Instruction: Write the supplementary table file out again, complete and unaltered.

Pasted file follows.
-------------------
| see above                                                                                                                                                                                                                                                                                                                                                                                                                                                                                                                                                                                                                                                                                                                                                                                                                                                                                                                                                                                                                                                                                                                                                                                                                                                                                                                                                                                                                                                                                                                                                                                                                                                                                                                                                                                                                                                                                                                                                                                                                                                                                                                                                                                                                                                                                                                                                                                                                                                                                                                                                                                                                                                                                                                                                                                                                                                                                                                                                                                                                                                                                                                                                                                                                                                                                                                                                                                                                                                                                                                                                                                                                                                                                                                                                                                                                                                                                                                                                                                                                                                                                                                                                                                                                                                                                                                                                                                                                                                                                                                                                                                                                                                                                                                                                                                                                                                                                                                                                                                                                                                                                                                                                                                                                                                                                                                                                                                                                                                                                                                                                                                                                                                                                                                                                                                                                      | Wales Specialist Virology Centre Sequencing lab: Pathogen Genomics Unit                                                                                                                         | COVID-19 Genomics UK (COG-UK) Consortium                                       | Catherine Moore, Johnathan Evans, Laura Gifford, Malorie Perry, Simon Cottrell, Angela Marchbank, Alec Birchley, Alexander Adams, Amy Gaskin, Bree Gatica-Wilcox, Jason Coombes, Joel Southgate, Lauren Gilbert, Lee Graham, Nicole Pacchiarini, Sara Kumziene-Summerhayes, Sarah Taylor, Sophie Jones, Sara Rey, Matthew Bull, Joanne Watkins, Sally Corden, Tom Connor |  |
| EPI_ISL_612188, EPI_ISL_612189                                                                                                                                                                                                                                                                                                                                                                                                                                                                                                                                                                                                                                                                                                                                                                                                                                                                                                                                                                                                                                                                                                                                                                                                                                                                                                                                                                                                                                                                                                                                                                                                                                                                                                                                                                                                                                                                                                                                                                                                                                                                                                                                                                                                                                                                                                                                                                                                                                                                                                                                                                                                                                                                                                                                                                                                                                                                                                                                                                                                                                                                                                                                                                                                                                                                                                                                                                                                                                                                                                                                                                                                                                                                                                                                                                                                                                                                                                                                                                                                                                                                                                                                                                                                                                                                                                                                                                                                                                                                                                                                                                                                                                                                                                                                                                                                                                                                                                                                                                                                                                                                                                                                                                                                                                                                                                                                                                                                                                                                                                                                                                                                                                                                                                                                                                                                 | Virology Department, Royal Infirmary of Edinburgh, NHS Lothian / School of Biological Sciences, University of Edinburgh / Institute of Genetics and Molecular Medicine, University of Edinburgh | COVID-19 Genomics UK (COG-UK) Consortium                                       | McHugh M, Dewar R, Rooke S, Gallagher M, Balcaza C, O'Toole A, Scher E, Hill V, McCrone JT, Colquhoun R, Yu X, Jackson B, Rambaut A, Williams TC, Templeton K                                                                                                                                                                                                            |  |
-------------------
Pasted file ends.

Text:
| see above                                                                                                                                                                                                                                                                                                                                                                                                                                                                                                                                                                                                                                                                                                                                                                                                                                                                                                                                                                                                                                                                                                                                                                                                                                                                                                                                                                                                                                                                                                                                                                                                                                                                                                                                                                                                                                                                                                                                                                                                                                                                                                                                                                                                                                                                                                                                                                                                                                                                                                                                                                                                                                                                                                                                                                                                                                                                                                                                                                                                                                                                                                                                                                                                                                                                                                                                                                                                                                                                                                                                                                                                                                                                                                                                                                                                                                                                                                                                                                                                                                                                                                                                                                                                                                                                                                                                                                                                                                                                                                                                                                                                                                                                                                                                                                                                                                                                                                                                                                                                                                                                                                                                                                                                                                                                                                                                                                                                                                                                                                                                                                                                                                                                                                                                                                                                                      | Wales Specialist Virology Centre Sequencing lab: Pathogen Genomics Unit                                                                                                                         | COVID-19 Genomics UK (COG-UK) Consortium                                       | Catherine Moore, Johnathan Evans, Laura Gifford, Malorie Perry, Simon Cottrell, Angela Marchbank, Alec Birchley, Alexander Adams, Amy Gaskin, Bree Gatica-Wilcox, Jason Coombes, Joel Southgate, Lauren Gilbert, Lee Graham, Nicole Pacchiarini, Sara Kumziene-Summerhayes, Sarah Taylor, Sophie Jones, Sara Rey, Matthew Bull, Joanne Watkins, Sally Corden, Tom Connor |  |
| EPI_ISL_612188, EPI_ISL_612189                                                                                                                                                                                                                                                                                                                                                                                                                                                                                                                                                                                                                                                                                                                                                                                                                                                                                                                                                                                                                                                                                                                                                                                                                                                                                                                                                                                                                                                                                                                                                                                                                                                                                                                                                                                                                                                                                                                                                                                                                                                                                                                                                                                                                                                                                                                                                                                                                                                                                                                                                                                                                                                                                                                                                                                                                                                                                                                                                                                                                                                                                                                                                                                                                                                                                                                                                                                                                                                                                                                                                                                                                                                                                                                                                                                                                                                                                                                                                                                                                                                                                                                                                                                                                                                                                                                                                                                                                                                                                                                                                                                                                                                                                                                                                                                                                                                                                                                                                                                                                                                                                                                                                                                                                                                                                                                                                                                                                                                                                                                                                                                                                                                                                                                                                                                                 | Virology Department, Royal Infirmary of Edinburgh, NHS Lothian / School of Biological Sciences, University of Edinburgh / Institute of Genetics and Molecular Medicine, University of Edinburgh | COVID-19 Genomics UK (COG-UK) Consortium                                       | McHugh M, Dewar R, Rooke S, Gallagher M, Balcaza C, O'Toole A, Scher E, Hill V, McCrone JT, Colquhoun R, Yu X, Jackson B, Rambaut A, Williams TC, Templeton K                                                                                                                                                                                                            |  |